Given the current and events of the recent past, I would argue that the Communist Manifesto should be required reading. Not so much for its revolutionary rhetoric, but instead for its ability to describe and warn of the dangers of a capitalist system ruled by a small elite.
It goes without questions that there are many points to be debated, but one cannot disagree with the accuracy of some of its arguments. I broke down my favorite parts.
Marx starts with a bang!
The history of all hitherto existing society is the history of class struggles.
The bourgeoisie, historically, has played a most revolutionary part.
The bourgeoisie, wherever it has got the upper hand, has put an end to all feudal, patriarchal, idyllic relations. It has pitilessly torn asunder the motley feudal ties that bound man to his “natural superiors”, and has left remaining no other nexus between man and man than naked self-interest, than callous “cash payment”. It has drowned the most heavenly ecstasies of religious fervour, of chivalrous enthusiasm, of philistine sentimentalism, in the icy water of egotistical calculation. It has resolved personal worth into exchange value, and in place of the numberless indefeasible chartered freedoms, has set up that single, unconscionable freedom – Free Trade. In one word, for exploitation, veiled by religious and political illusions, it has substituted naked, shameless, direct, brutal exploitation.
Marx is quick to give credit where credit is due. It would be dishonest not to mention the positives provided by the capitalist system.
The bourgeoisie has disclosed how it came to pass that the brutal display of vigour in the Middle Ages, which reactionaries so much admire, found its fitting complement in the most slothful indolence. It has been the first to show what man’s activity can bring about. It has accomplished wonders far surpassing Egyptian pyramids, Roman aqueducts, and Gothic cathedrals; it has conducted expeditions that put in the shade all former Exoduses of nations and crusades.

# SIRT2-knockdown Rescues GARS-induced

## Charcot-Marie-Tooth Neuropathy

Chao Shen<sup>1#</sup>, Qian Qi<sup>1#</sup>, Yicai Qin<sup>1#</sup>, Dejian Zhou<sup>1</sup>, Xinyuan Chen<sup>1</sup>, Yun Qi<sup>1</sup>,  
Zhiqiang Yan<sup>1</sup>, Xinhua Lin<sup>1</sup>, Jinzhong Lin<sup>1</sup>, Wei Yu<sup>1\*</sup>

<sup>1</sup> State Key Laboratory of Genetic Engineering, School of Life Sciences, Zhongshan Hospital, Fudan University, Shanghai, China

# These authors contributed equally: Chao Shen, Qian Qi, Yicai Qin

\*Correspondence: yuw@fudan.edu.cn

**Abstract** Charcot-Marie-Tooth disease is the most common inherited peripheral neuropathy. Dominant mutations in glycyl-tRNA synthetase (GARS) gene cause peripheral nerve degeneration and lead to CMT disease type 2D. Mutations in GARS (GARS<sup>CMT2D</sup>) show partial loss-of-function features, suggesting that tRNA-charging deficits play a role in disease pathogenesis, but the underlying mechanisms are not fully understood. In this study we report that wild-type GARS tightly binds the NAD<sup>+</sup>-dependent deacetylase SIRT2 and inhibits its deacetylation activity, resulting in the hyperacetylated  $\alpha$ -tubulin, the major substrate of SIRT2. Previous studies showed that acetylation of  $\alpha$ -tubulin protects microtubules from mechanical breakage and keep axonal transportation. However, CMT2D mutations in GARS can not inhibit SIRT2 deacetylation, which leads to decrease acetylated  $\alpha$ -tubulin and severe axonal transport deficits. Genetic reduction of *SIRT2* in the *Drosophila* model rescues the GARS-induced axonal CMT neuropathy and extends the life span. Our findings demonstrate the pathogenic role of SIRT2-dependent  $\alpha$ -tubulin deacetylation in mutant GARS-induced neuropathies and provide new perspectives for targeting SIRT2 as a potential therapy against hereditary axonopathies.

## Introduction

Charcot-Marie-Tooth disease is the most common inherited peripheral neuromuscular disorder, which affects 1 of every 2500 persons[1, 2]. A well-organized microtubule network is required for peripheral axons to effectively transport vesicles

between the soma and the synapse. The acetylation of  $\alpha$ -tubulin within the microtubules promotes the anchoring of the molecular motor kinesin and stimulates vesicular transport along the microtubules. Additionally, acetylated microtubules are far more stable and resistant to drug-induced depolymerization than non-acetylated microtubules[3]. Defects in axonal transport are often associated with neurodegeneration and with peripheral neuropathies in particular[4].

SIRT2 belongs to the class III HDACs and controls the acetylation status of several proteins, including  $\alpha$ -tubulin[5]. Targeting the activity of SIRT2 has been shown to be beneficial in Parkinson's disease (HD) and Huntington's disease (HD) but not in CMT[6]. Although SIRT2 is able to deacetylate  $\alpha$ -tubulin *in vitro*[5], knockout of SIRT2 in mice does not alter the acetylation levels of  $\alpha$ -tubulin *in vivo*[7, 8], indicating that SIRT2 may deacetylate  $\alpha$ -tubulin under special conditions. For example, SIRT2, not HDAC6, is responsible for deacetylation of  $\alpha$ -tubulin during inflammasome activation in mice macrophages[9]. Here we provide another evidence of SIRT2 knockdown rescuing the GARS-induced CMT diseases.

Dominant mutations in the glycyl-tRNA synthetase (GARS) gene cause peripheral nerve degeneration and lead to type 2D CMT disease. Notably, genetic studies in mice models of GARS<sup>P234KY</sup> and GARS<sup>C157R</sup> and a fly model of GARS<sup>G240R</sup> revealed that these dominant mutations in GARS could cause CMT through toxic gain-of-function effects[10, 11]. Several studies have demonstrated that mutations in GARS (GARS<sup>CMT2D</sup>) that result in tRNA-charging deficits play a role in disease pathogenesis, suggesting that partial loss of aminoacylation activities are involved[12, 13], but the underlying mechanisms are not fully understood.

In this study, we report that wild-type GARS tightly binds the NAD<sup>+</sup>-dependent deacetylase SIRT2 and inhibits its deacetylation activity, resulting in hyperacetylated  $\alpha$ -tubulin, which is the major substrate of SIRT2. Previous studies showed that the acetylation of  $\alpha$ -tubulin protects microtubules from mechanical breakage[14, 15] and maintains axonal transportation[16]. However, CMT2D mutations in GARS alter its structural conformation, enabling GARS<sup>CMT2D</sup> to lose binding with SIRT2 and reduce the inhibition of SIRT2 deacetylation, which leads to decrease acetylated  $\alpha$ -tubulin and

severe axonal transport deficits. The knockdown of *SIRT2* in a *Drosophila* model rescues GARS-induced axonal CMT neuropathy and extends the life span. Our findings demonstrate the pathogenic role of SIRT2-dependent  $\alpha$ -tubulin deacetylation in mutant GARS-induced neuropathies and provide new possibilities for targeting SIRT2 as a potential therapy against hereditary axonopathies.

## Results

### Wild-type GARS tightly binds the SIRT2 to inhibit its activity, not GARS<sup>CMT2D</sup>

The need of a constantly expanding market for its products chases the bourgeoisie over the entire surface of the globe. It must nestle everywhere, settle everywhere, establish connexions everywhere.
The bourgeoisie, by the rapid improvement of all instruments of production, by the immensely facilitated means of communication, draws all, even the most barbarian, nations into civilisation. The cheap prices of commodities are the heavy artillery with which it batters down all Chinese walls, with which it forces the barbarians’ intensely obstinate hatred of foreigners to capitulate. It compels all nations, on pain of extinction, to adopt the bourgeois mode of production; it compels them to introduce what it calls civilisation into their midst, i.e., to become bourgeois themselves. In one word, it creates a world after its own image.
The bourgeoisie has subjected the country to the rule of the towns. It has created enormous cities, has greatly increased the urban population as compared with the rural, and has thus rescued a considerable part of the population from the idiocy of rural life. Just as it has made the country dependent on the towns, so it has made barbarian and semi-barbarian countries dependent on the civilised ones, nations of peasants on nations of bourgeois, the East on the West.
The bourgeoisie, during its rule of scarce one hundred years, has created more massive and more colossal productive forces than have all preceding generations together. Subjection of Nature’s forces to man, machinery, application of chemistry to industry and agriculture, steam-navigation, railways, electric telegraphs, clearing of whole continents for cultivation, canalisation of rivers, whole populations conjured out of the ground – what earlier century had even a presentiment that such productive forces slumbered in the lap of social labour?